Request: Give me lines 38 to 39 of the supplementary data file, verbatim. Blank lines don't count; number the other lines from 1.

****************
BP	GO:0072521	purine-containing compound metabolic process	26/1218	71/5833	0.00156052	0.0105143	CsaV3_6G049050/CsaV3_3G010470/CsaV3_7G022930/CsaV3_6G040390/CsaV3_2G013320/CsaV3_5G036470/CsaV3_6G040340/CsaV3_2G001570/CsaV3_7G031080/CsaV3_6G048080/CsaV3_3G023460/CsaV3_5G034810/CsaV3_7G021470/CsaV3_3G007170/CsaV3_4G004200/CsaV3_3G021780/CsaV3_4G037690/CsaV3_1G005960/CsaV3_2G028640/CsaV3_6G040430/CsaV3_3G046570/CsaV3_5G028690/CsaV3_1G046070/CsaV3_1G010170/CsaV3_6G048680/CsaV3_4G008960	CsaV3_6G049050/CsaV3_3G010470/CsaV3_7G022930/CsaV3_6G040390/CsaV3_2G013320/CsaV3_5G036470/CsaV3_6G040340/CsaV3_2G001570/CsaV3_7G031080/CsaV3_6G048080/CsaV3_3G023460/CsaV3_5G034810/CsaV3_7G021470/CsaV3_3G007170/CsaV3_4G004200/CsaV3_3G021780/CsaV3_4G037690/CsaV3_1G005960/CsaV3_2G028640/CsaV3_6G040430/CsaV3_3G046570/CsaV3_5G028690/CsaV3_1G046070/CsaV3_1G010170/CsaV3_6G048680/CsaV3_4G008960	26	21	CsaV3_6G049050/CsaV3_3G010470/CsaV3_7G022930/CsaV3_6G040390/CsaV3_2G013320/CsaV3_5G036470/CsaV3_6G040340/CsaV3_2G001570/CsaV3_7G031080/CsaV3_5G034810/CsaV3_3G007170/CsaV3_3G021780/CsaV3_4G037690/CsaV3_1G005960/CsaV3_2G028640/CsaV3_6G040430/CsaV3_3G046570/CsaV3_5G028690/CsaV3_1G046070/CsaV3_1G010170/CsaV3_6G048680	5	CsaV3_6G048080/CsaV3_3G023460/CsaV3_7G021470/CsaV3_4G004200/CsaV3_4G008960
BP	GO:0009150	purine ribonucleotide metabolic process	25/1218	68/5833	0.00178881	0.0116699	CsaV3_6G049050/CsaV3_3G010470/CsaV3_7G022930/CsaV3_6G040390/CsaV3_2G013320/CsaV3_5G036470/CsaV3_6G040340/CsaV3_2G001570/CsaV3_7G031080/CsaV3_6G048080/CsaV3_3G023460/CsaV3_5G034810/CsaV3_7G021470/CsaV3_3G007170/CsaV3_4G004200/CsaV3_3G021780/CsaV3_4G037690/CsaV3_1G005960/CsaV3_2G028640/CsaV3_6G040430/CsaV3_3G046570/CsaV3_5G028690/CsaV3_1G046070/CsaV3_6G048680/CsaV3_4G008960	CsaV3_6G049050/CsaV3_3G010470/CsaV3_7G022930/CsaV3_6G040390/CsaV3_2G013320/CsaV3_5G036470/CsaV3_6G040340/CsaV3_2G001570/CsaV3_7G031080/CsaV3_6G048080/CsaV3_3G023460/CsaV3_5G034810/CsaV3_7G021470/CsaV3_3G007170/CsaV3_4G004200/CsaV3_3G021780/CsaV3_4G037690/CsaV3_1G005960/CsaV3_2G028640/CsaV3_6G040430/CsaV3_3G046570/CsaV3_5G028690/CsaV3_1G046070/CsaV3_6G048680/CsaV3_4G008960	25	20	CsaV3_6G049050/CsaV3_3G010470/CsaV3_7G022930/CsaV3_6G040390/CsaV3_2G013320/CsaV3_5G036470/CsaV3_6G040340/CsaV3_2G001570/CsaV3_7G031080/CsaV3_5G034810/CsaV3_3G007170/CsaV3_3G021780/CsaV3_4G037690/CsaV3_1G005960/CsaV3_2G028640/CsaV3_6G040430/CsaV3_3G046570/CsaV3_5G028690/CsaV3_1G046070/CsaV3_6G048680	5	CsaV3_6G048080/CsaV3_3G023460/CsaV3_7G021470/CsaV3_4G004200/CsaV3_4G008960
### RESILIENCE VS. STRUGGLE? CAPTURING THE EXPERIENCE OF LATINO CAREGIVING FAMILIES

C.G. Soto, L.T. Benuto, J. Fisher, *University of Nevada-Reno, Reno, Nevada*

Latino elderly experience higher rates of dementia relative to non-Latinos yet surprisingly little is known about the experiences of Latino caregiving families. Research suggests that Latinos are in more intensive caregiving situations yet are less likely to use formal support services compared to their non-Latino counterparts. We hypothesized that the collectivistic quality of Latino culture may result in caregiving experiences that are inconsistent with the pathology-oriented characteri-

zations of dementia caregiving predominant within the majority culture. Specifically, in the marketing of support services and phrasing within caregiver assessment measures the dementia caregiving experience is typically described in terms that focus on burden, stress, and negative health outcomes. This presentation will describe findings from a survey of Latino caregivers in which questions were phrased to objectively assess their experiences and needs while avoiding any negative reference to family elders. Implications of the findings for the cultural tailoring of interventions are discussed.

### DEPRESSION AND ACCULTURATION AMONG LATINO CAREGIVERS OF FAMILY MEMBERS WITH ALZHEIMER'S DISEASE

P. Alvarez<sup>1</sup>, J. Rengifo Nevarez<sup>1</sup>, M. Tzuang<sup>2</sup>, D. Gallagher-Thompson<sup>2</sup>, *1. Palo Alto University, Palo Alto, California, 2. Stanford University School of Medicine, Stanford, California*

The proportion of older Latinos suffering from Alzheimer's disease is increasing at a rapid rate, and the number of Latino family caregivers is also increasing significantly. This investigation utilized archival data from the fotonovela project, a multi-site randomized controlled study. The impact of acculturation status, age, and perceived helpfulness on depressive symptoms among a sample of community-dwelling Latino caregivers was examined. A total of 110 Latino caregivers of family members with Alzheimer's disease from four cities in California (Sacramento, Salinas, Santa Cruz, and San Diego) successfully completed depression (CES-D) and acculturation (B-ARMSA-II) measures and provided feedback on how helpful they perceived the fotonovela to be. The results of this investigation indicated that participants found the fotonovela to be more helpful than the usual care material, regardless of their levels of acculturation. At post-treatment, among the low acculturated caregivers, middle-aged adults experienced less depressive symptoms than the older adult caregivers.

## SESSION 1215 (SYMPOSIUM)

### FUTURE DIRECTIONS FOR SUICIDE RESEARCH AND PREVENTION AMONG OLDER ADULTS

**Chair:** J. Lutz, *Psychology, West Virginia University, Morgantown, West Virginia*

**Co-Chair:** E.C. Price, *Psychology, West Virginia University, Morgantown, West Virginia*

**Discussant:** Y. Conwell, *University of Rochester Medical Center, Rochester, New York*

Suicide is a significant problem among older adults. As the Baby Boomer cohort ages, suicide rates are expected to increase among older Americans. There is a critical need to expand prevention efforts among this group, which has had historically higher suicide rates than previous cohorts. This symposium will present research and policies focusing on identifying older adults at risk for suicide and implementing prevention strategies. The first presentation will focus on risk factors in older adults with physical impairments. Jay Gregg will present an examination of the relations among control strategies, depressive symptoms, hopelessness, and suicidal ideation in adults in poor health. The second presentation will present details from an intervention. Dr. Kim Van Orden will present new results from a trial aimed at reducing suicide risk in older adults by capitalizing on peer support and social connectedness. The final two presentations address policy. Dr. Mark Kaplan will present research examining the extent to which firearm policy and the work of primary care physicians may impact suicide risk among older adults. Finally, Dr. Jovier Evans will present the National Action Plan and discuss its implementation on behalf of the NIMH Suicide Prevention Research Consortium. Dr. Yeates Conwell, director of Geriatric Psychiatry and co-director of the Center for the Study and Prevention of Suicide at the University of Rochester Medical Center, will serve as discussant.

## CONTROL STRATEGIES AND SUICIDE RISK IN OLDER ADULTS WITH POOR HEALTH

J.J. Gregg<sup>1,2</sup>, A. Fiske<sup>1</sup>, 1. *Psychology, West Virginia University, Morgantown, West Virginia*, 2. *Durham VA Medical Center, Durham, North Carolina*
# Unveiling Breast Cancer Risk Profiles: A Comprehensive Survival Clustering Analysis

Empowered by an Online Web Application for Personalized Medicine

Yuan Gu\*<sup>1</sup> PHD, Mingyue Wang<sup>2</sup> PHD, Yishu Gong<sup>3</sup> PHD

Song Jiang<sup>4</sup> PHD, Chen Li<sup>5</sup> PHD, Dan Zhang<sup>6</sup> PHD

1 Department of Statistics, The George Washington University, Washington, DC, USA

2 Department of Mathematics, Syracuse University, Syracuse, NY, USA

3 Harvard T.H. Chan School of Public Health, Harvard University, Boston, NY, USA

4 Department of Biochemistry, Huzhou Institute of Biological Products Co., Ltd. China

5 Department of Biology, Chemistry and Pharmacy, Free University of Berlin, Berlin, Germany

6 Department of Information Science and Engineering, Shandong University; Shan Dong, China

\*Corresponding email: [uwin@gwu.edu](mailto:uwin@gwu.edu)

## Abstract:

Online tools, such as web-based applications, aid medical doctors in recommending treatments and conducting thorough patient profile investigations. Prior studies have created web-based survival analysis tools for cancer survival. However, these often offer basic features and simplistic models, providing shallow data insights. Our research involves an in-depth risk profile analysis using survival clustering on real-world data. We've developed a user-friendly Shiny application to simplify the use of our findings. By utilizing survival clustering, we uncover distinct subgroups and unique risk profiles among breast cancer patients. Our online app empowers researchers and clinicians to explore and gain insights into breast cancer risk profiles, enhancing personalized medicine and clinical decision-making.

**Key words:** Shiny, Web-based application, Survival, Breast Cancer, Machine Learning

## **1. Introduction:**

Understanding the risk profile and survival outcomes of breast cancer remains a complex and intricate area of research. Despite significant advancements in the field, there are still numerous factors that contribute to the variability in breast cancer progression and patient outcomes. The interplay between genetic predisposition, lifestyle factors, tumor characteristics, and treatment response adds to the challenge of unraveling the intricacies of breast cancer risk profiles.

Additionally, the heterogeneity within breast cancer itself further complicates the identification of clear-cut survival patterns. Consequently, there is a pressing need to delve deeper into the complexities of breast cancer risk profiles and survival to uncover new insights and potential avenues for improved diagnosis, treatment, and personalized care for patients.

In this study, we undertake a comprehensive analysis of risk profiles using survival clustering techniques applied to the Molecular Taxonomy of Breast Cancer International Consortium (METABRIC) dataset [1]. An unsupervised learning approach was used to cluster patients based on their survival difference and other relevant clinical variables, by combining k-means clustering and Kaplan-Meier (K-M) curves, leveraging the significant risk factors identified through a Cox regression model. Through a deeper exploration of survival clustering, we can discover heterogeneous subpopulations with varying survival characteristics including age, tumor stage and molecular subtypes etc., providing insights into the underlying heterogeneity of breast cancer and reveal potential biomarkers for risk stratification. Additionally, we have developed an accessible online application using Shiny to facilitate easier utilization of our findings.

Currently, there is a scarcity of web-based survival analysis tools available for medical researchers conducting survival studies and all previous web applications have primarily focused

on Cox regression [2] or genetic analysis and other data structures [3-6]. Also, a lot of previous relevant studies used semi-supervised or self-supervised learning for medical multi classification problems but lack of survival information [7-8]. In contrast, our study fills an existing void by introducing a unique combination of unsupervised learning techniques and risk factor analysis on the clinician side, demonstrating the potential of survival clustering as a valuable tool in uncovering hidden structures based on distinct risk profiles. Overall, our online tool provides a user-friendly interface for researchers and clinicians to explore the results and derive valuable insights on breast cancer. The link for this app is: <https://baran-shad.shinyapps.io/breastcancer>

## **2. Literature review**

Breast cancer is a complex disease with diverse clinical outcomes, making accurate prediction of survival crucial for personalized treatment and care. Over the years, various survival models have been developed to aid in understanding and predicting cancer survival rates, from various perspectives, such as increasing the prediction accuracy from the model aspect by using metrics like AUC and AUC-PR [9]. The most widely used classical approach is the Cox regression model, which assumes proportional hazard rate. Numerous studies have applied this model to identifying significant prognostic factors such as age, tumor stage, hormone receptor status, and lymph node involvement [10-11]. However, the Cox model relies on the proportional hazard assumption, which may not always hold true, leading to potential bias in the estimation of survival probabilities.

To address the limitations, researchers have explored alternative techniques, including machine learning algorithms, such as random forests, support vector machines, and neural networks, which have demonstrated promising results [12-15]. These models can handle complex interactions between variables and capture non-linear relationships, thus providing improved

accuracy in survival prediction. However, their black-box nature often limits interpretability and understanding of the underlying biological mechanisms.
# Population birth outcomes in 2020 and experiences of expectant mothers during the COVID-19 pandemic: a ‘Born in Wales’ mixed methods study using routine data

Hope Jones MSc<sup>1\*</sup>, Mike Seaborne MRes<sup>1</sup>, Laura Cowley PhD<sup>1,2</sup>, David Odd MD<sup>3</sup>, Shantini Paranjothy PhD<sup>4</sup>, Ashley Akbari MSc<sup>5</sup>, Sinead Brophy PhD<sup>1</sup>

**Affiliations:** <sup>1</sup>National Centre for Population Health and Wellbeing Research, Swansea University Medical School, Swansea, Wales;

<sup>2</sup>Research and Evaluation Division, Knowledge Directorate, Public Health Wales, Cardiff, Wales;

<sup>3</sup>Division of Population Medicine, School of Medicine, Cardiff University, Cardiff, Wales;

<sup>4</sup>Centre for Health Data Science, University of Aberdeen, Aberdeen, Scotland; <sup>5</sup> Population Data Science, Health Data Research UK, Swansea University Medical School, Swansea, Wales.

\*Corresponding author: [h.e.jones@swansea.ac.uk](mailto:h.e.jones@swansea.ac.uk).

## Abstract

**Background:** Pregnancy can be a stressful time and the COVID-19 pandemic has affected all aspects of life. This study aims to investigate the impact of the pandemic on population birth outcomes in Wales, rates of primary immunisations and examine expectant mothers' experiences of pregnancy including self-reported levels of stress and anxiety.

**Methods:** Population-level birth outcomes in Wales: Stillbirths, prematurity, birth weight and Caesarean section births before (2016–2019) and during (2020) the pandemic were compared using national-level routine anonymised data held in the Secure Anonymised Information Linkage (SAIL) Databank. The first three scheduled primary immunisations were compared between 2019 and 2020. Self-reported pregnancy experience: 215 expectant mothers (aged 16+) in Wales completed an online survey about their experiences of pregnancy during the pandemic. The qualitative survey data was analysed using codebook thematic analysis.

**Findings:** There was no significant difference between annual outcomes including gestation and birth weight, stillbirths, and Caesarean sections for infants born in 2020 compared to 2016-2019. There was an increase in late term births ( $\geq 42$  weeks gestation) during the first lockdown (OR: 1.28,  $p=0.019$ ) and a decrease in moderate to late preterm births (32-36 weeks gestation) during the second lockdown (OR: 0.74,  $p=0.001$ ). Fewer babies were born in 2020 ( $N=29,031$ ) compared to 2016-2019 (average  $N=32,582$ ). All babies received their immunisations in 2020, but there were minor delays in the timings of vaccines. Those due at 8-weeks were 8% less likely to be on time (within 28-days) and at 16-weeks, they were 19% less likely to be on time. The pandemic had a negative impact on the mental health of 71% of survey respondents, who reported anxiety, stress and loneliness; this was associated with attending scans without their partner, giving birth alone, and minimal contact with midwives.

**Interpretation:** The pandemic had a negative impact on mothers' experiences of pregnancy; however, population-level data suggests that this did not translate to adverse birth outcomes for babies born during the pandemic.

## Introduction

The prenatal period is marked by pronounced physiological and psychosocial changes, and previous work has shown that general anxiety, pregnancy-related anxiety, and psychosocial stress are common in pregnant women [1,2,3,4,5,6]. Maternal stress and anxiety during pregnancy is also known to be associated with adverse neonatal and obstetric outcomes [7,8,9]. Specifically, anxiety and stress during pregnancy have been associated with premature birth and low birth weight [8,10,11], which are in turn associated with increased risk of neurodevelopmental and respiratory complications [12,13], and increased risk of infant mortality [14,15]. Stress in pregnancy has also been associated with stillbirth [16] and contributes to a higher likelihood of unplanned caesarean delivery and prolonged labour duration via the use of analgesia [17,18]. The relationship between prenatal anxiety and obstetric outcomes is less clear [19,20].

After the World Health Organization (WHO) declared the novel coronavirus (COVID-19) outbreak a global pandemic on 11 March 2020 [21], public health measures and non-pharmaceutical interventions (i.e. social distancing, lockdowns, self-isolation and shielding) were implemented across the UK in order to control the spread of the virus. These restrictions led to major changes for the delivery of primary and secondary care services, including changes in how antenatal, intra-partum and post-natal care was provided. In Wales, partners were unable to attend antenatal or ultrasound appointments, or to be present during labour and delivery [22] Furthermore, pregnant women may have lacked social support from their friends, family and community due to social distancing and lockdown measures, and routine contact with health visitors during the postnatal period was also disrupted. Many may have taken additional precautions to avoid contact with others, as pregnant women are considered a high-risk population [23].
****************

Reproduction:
## **2. Literature review**

Breast cancer is a complex disease with diverse clinical outcomes, making accurate prediction of survival crucial for personalized treatment and care. Over the years, various survival models have been developed to aid in understanding and predicting cancer survival rates, from various perspectives, such as increasing the prediction accuracy from the model aspect by using metrics like AUC and AUC-PR [9]. The most widely used classical approach is the Cox regression model, which assumes proportional hazard rate. Numerous studies have applied this model to identifying significant prognostic factors such as age, tumor stage, hormone receptor status, and lymph node involvement [10-11]. However, the Cox model relies on the proportional hazard assumption, which may not always hold true, leading to potential bias in the estimation of survival probabilities.